The U.S. commitment was "frankly, not particularly too ambitious," Jackson said.
There were some countries that set lower goals than the U.S., such as Russia. But Trump could have relaxed the U.S. goal if he considered it too burdensome rather than withdraw from the deal altogether.
"Trump rejected the Paris agreement because he's not committed to climate action, not because the U.S. target was too stringent or unfair," said Nigel Purvis, CEO of the consultancy group Climate Advisers, who directed U.S. climate diplomacy during the Bill Clinton and George W. Bush administrations.
FUEL ECONOMY RULES
TRUMP, on revoking California's authority to set stricter vehicle fuel-economy standards than Washington imposes: This "will also be extremely good to the environment." — remarks to reporters Wednesday.
ANDREW WHEELER, administrator of the EPA: "This is ... good for the environment." — remarks Thursday.
THE FACTS: That assertion is not supported by the Trump administration's own data, which estimates that U.S. fuel consumption would increase by 500,000 barrels per day, up 2% to 3%, with the loss of California's authority to set higher standards. That means more pollution. Environmental groups predict higher fuel consumption than that.
TRUMP, on revoking California's authority: "We'll be able to produce an automobile for substantially less money which is substantially safer." — remarks to reporters Wednesday.
ELAINE CHAO, secretary of transportation: "Those rules were making cars more expensive and impeding safety because consumers were being priced out of newer, safer vehicles." — remarks Thursday.
WHITE HOUSE: "The Trump administration is taking action to make America's highways safer and our cars more affordable." — news release Thursday.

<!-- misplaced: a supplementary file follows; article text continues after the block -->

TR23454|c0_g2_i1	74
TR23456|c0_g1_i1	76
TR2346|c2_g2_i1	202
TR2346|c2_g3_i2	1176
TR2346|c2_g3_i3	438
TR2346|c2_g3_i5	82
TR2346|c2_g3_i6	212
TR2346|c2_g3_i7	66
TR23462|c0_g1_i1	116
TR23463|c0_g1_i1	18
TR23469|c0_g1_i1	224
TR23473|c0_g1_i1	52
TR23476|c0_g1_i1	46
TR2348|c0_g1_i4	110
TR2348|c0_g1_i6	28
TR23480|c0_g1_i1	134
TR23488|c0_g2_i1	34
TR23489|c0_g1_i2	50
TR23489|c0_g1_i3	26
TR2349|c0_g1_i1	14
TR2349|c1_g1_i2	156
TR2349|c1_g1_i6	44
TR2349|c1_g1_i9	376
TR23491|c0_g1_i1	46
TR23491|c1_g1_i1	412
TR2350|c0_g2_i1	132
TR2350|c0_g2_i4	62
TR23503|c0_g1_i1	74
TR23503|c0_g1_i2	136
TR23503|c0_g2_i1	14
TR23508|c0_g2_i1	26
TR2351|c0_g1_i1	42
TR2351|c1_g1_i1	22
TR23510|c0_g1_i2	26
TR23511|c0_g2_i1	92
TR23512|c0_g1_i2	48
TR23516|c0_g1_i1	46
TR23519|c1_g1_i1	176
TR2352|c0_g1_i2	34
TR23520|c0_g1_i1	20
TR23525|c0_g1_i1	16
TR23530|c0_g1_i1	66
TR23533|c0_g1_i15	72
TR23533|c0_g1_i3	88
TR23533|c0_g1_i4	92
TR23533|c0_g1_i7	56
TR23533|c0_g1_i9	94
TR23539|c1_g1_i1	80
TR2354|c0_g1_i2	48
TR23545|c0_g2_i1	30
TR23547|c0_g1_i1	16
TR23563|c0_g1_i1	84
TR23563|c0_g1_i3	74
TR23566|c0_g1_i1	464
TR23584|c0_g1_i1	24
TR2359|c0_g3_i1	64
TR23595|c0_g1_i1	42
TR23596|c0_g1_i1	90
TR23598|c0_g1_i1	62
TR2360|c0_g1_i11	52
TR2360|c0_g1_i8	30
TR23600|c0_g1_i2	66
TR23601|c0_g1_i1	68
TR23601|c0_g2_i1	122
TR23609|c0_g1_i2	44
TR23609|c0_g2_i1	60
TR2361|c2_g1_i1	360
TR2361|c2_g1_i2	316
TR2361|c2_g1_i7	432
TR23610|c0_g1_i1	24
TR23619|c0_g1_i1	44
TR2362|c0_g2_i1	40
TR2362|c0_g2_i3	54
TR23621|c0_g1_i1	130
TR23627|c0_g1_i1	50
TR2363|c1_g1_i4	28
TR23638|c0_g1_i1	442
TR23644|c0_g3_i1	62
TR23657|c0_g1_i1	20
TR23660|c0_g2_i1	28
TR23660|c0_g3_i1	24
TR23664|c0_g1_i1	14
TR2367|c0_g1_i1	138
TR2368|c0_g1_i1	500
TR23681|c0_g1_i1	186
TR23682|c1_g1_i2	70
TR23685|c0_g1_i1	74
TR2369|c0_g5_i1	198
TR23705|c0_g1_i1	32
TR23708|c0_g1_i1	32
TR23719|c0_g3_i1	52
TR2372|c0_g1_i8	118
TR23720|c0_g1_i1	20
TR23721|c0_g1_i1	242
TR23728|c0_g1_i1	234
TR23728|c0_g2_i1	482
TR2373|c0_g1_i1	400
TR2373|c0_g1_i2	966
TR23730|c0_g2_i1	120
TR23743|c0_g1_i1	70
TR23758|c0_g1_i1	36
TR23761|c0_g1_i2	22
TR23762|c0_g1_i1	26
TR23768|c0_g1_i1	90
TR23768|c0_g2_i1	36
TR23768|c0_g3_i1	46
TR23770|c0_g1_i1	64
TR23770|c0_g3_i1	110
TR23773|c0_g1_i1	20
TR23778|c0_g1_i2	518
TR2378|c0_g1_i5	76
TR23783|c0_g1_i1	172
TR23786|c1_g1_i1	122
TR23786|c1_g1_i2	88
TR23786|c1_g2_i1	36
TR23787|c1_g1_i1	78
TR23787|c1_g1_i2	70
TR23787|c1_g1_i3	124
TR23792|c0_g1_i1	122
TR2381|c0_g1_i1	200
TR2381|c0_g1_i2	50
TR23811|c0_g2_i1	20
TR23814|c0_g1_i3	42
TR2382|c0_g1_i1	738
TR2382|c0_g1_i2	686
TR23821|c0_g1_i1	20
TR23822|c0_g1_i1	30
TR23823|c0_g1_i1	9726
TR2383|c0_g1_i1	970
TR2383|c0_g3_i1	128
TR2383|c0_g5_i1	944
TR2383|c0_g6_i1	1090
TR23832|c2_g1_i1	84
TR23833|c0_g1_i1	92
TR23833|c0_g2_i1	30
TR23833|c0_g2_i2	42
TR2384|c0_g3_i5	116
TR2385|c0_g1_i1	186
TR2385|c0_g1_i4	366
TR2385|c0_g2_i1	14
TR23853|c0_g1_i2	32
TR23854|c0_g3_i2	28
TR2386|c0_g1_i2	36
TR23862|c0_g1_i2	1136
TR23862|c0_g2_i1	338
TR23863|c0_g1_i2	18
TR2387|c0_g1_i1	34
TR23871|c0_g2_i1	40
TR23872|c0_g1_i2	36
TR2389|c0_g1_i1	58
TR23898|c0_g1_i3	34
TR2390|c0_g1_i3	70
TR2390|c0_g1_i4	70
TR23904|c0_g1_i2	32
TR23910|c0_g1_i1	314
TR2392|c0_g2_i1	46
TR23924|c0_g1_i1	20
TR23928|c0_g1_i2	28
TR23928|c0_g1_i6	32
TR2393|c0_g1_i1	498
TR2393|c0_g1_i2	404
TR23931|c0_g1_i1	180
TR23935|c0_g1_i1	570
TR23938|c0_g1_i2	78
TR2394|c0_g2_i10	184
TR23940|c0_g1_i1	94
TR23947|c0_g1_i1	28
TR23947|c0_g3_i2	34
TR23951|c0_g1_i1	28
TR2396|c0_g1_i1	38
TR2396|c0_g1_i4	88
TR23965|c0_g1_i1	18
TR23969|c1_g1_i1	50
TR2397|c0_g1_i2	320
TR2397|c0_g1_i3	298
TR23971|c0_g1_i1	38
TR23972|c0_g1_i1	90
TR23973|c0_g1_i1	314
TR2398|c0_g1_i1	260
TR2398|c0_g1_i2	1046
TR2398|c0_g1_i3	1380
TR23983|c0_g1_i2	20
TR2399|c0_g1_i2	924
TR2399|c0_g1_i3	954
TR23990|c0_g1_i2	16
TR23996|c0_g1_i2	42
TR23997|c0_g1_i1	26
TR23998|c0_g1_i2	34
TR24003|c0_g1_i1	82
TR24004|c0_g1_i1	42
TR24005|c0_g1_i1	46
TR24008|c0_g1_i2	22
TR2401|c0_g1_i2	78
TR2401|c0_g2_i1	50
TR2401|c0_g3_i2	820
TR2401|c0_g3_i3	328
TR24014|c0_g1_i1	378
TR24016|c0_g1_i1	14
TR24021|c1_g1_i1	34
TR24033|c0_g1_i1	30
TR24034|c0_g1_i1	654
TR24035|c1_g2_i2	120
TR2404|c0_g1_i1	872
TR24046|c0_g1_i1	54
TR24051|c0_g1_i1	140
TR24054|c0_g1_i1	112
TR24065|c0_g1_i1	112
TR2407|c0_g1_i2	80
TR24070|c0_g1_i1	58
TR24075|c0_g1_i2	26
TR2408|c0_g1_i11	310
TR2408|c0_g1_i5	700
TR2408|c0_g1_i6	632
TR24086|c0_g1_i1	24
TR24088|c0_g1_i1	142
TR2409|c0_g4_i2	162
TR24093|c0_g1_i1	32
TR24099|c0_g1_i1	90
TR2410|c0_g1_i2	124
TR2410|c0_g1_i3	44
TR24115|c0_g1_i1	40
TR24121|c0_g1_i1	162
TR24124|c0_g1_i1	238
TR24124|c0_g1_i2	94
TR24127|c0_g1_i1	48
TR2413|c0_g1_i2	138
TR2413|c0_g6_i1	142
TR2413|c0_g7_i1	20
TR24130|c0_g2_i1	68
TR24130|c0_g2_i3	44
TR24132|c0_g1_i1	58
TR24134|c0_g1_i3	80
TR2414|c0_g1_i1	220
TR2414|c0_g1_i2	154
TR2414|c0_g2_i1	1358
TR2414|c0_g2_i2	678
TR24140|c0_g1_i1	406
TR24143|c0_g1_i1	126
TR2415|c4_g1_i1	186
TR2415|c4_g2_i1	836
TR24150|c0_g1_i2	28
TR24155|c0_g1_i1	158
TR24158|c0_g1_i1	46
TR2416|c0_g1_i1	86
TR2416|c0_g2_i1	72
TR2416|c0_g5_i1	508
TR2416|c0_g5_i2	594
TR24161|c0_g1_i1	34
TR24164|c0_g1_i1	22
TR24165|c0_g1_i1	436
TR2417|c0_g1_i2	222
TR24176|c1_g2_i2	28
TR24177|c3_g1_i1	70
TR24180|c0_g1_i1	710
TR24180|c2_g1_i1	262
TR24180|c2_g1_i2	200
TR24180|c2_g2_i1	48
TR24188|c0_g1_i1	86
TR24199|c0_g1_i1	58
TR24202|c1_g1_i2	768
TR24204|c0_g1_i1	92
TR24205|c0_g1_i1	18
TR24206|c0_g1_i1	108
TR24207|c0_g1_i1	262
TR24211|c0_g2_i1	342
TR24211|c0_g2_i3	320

THE FACTS: Trump and his officials are inflating the projected savings to consumers under his plan to relax fuel-efficiency rules and may be exaggerating the safety benefits.
It's not clear yet what the Trump administration will propose as its final fuel-efficiency rules, but in the past it has favored freezing Obama-era mileage standards at 2021 levels. His own administration contends that freezing the fuel economy standards will reduce the average sticker price of new vehicles by about $2,700 by 2025. But that number is disputed by environmental groups and is more than double the estimates from the Obama administration.
They are also ignoring money that consumers would save at the gas pump under the Obama-era standards if cars get better mileage. A study released Aug. 7 by Consumer Reports found that the owner of a 2026 vehicle will pay over $3,300 more for gasoline during the life of a vehicle if the standards are frozen at 2021 levels. The administration's proposed freeze would hold the average fuel economy for the new-vehicle fleet at 29.1 mpg in real-world driving, while the Obama-era standards would raise it to 37.5 mpg by 2026, according to Consumer Reports.
Trump's assertion that cars would be substantially safer also is in dispute. His administration argues that lower-cost vehicles would allow more people to buy new ones that are safer, cutting roadway deaths by 12,700 lives through the 2029 model year.
But The Associated Press reported last year that internal EPA emails show senior career officials privately questioned the administration's calculations, saying the proposed freeze would actually modestly increase highway fatalities, by about 17 deaths annually. Consumer Reports adds that any safety impact from changes in gas mileage standards would be small and won't vary much from zero.
WHEELER, criticizing electric cars: It's "a product ... which most families cannot approach." — remarks Thursday.
THE FACTS: While electric cars are currently out of reach for most people, that is changing. Automakers are rolling out multiple new models, and as sales grow and battery costs fall, prices are expected to drop. Range is growing to where many electric cars will be able to travel over 300 miles on a single charge. The McKinsey management consulting firm predicts that battery and other EV-specific costs will fall to about the same as gasoline engines in three to five years. Fully electric vehicles currently make up about 1.5% of U.S. new vehicle sales, and LMC Automotive forecasts EV sales will eventually hit 50% of the market by 2049.
TRUMP: "Because of my Administration, drug prices are down for the first time in almost 50 years." — tweet Thursday.
Because of my Administration, drug prices are down for the first time in almost 50 years — but the American people need Congress to help. I like Sen. Grassley’s drug pricing bill very much, and it’s great to see Speaker Pelosi’s bill today. Let’s get it done in a bipartisan way!— Donald J. Trump (@realDonaldTrump) September 19, 2019
THE FACTS: He's exaggerating his influence on drug prices.